Complex factors shape service provision for refugee and immigrant women who have experienced intimate partner violence (IPV). While social services in the United States (U.S.) address IPV on the one hand and assist resettling refugees on the other, organizations do not readily lend themselves to working at the intersections of IPV and immigration. Gaps in knowledge, policy, and practice regarding IPV services and support for refugee and immigrant women in the U.S. persist. In response, this qualitative study examined organizational factors that influence the availability and accessibility of IPV services for refugee and other vulnerable immigrant women in the U.S.
The study took place in an urban metropolitan area in the southern region of the U.S. A local agency facilitated the recruitment of research participants based on a purposive sampling approach. Although the study recruited a broader sample of participants, the current analysis focused solely on a subsample of stakeholders and providers (n=53) working with refugees and immigrants in various capacities across multiple service sectors, including IPV, refugee resettlement, and legal advocacy. Researchers conducted 5 interviews and 16 focus groups with participants representing 16 discrete agencies in the study vicinity. To generate findings, researchers employed a rigorous thematic analytical approach.
The analysis generated four inter-related themes representing complex organizational and structural forces at play: (1) We weren’t ready, (2) No place to go, (3) Time is not on our side, and (4) Can’t do it alone. The findings highlight factors across service sectors that shape the availability and accessibility of IPV services for refugee and immigrant women, including challenges associated with the readiness and adaptability of organizations to address dynamic IPV-related needs. The themes raise problems of funding, structure of programs and logistics, and the extent to which IPV agencies are insufficiently equipped to offer IPV services responsive to needs of racially/ethnically, linguistically, religiously, and culturally diverse groups. Moreover, the analysis illuminates the extent to which IPV service demands outweigh organizational capacities and the rigidity of service timelines that failed to meet needs for stable housing, employment, safety, and healing. A pervasive and troubling thread of ethical dilemmas emerged across the four themes, affecting the availability and viability of IPV services for marginalized groups.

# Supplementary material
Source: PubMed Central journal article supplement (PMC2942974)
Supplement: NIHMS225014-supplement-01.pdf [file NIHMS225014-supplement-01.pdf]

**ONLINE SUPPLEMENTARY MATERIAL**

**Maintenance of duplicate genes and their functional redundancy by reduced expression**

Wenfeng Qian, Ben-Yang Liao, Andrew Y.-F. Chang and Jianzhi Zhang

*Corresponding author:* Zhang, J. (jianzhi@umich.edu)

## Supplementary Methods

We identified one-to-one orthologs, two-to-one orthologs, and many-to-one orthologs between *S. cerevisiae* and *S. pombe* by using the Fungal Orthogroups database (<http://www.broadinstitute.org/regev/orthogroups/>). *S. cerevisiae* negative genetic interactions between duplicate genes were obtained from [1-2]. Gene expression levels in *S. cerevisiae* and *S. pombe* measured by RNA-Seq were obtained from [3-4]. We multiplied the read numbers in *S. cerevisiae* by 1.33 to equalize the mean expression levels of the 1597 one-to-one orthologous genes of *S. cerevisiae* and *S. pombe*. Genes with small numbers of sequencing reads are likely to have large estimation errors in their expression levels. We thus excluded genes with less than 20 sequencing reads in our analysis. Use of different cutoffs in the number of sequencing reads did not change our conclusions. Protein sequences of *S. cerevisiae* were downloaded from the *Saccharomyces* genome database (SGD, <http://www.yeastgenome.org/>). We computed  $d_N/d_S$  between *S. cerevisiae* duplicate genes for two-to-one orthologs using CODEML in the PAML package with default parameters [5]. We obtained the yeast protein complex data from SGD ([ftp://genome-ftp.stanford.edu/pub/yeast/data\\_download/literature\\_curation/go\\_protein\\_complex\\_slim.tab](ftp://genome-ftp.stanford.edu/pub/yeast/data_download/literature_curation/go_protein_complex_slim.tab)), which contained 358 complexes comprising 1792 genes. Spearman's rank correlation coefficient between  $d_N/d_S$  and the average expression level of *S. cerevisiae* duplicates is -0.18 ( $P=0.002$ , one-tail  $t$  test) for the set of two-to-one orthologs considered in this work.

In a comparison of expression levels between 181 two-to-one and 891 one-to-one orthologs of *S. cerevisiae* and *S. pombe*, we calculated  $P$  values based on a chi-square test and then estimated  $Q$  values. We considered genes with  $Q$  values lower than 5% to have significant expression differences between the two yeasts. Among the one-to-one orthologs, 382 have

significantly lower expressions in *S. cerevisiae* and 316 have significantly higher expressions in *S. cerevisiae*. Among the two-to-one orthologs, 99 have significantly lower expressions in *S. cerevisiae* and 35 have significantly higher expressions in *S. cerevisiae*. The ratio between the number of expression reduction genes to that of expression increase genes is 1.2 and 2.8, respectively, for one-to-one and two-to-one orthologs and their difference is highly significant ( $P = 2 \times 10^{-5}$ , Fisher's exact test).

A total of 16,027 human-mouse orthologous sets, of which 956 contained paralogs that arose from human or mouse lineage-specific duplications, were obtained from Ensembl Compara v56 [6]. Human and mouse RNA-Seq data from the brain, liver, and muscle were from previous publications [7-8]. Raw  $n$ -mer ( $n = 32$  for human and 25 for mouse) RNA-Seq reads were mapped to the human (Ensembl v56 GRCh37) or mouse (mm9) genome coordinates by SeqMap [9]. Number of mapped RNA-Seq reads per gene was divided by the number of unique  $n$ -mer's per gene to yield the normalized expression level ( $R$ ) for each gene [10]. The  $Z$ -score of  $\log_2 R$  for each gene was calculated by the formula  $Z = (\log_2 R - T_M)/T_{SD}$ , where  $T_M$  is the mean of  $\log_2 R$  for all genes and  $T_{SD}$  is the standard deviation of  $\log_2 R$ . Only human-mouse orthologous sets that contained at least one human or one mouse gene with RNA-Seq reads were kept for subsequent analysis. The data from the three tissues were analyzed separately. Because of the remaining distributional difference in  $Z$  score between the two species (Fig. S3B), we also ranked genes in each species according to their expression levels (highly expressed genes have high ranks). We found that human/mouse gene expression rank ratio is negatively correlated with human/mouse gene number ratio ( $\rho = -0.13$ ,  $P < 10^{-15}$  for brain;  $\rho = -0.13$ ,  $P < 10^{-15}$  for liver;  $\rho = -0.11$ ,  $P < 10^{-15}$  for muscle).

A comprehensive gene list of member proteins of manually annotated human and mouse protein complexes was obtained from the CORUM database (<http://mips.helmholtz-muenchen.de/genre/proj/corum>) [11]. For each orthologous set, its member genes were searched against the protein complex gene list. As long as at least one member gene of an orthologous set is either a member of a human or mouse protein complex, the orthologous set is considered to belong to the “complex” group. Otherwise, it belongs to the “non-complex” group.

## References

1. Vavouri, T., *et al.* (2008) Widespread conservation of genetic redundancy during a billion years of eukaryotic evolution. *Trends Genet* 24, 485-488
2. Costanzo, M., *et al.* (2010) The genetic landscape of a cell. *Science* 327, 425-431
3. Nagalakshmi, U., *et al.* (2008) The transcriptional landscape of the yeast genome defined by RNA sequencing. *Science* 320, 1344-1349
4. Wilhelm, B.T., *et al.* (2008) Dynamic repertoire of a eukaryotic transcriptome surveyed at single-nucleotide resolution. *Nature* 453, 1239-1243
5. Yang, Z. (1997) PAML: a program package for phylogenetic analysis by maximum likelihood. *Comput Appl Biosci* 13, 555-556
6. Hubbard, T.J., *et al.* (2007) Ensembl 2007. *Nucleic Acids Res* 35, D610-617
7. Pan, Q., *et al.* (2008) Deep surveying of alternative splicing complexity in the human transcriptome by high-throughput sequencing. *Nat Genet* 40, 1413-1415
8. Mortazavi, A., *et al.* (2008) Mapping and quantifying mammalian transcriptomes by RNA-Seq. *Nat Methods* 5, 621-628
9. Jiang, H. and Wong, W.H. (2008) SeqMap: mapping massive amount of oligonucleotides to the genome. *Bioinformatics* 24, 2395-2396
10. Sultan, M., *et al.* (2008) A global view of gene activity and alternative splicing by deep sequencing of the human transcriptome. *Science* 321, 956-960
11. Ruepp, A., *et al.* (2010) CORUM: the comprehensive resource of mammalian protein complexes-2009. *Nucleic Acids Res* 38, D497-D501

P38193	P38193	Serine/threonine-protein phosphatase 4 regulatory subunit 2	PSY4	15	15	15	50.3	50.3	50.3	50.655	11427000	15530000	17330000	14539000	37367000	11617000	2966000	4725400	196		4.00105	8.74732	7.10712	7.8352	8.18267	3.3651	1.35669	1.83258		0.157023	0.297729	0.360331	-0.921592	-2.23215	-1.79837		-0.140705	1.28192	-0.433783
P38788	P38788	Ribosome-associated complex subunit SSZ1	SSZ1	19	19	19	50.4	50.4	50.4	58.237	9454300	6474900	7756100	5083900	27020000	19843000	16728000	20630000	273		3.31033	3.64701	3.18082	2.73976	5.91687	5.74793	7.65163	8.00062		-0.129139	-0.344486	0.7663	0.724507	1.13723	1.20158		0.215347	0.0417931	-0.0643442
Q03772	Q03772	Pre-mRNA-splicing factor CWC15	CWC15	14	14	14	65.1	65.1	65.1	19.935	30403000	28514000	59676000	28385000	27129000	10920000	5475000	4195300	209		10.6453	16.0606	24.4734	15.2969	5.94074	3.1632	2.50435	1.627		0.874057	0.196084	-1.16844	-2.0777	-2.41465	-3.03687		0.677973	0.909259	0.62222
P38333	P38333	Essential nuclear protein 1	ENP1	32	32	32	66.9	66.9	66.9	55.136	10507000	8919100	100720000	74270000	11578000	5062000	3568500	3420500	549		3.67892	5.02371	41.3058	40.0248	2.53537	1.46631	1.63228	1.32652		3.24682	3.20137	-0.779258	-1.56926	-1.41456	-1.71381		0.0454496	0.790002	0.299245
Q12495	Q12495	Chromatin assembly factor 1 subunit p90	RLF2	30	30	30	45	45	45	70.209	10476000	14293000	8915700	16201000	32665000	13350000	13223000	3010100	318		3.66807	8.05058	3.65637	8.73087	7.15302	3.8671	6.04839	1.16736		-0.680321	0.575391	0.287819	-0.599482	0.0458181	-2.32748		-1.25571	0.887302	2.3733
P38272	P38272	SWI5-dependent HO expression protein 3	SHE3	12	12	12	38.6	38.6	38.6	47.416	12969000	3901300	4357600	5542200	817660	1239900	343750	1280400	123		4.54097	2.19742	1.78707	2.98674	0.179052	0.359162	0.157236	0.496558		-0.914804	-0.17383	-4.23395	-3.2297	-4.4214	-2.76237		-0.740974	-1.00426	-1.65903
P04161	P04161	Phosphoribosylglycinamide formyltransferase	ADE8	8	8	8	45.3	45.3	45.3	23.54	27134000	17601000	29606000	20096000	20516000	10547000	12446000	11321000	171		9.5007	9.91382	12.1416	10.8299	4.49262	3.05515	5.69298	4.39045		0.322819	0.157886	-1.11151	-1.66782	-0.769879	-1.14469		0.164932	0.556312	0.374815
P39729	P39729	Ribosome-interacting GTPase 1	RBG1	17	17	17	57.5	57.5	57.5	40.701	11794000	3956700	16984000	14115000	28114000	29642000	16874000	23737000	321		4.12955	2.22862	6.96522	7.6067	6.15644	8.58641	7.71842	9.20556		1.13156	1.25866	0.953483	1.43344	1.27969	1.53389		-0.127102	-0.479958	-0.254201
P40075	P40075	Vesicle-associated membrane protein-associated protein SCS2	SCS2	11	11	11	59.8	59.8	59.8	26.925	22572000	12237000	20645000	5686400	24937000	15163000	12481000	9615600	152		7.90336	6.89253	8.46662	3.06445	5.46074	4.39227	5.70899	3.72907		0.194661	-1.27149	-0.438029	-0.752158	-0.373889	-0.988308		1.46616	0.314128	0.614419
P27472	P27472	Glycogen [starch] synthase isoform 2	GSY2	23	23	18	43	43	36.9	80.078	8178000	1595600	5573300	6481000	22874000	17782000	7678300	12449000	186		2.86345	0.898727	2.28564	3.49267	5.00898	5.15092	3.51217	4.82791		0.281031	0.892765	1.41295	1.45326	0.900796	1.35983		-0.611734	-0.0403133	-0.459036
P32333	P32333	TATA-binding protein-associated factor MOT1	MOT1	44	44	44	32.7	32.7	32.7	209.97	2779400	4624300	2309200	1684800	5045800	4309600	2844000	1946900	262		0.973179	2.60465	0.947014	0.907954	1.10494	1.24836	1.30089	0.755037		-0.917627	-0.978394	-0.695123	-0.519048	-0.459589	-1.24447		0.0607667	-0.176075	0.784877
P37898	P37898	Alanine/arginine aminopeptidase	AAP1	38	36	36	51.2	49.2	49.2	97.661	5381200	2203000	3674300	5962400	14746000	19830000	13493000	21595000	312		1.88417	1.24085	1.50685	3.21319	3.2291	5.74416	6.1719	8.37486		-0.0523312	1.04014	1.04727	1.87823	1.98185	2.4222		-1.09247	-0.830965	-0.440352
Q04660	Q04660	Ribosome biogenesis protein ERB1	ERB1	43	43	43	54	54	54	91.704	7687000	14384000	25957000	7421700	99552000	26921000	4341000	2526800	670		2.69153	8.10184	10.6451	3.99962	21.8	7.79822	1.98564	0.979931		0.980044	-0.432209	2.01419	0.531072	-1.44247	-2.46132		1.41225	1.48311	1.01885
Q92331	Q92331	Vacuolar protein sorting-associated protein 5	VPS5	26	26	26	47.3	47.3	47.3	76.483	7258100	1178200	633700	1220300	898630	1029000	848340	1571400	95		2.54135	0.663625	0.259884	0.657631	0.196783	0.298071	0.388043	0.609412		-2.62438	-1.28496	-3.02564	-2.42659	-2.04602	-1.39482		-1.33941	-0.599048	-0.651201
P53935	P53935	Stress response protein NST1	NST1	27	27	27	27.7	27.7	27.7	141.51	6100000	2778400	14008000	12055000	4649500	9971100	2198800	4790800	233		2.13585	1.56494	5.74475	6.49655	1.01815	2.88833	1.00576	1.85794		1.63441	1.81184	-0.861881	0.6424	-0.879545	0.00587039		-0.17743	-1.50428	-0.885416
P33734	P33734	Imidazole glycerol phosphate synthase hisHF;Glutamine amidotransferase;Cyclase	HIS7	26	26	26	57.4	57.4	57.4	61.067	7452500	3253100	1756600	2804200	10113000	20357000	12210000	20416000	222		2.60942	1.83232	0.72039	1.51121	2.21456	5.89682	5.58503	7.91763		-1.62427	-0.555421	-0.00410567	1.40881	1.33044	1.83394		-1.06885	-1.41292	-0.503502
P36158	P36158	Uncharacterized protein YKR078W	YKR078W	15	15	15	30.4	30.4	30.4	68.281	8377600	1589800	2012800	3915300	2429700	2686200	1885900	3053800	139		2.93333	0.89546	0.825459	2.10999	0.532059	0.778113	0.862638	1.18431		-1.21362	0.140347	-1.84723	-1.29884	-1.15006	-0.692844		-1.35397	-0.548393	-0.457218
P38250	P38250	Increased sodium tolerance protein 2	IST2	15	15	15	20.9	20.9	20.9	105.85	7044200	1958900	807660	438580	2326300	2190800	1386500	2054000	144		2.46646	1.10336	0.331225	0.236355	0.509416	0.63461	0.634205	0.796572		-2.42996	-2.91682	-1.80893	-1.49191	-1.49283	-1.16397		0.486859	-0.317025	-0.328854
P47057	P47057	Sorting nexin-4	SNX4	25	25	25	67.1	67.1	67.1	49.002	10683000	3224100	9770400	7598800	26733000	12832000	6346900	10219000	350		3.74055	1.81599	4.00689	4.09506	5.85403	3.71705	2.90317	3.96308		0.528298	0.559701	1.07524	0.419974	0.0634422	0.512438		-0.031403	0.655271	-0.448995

Conclusion and Implications
The findings form a compelling argument for structural shifts in IPV policy and funding, enhancing inter-sectoral collaborations, and forging strong connections with formal and informal systems to combat barriers to services. Building and sustaining effective inter-agency and cross-sectoral work necessitate resources to enable collaborative partnerships to flourish. It is important to note the salience of bridging collaborative inter-agency efforts with community-based structures and informal systems of support to form robust coalitions. Finally, cross-movement coalition building is critical to (re)connect social service sectors with seminal and emerging political movements to affect necessary and meaningful structural change.